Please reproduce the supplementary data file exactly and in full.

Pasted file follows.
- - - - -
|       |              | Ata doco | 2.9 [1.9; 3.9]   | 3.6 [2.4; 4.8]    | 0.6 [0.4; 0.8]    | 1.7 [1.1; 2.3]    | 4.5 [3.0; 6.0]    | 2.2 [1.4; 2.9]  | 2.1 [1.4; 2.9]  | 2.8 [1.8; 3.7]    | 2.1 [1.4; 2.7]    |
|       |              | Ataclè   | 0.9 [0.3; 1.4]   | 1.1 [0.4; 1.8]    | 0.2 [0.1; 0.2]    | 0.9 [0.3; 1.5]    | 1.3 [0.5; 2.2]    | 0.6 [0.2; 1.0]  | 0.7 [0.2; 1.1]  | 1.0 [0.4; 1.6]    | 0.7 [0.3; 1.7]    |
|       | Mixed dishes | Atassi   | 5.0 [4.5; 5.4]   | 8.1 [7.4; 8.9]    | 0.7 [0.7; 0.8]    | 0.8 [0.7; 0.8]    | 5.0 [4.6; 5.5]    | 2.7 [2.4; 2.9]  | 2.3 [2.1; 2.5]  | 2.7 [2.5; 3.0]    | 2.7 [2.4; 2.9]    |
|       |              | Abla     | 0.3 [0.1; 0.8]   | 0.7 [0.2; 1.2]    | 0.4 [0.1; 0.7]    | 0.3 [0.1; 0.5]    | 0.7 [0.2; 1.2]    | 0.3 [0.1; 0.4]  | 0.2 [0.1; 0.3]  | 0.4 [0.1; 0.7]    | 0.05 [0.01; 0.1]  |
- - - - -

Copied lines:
|       |              | Ata doco | 2.9 [1.9; 3.9]   | 3.6 [2.4; 4.8]    | 0.6 [0.4; 0.8]    | 1.7 [1.1; 2.3]    | 4.5 [3.0; 6.0]    | 2.2 [1.4; 2.9]  | 2.1 [1.4; 2.9]  | 2.8 [1.8; 3.7]    | 2.1 [1.4; 2.7]    |
|       |              | Ataclè   | 0.9 [0.3; 1.4]   | 1.1 [0.4; 1.8]    | 0.2 [0.1; 0.2]    | 0.9 [0.3; 1.5]    | 1.3 [0.5; 2.2]    | 0.6 [0.2; 1.0]  | 0.7 [0.2; 1.1]  | 1.0 [0.4; 1.6]    | 0.7 [0.3; 1.7]    |
|       | Mixed dishes | Atassi   | 5.0 [4.5; 5.4]   | 8.1 [7.4; 8.9]    | 0.7 [0.7; 0.8]    | 0.8 [0.7; 0.8]    | 5.0 [4.6; 5.5]    | 2.7 [2.4; 2.9]  | 2.3 [2.1; 2.5]  | 2.7 [2.5; 3.0]    | 2.7 [2.4; 2.9]    |
|       |              | Abla     | 0.3 [0.1; 0.8]   | 0.7 [0.2; 1.2]    | 0.4 [0.1; 0.7]    | 0.3 [0.1; 0.5]    | 0.7 [0.2; 1.2]    | 0.3 [0.1; 0.4]  | 0.2 [0.1; 0.3]  | 0.4 [0.1; 0.7]    | 0.05 [0.01; 0.1]  |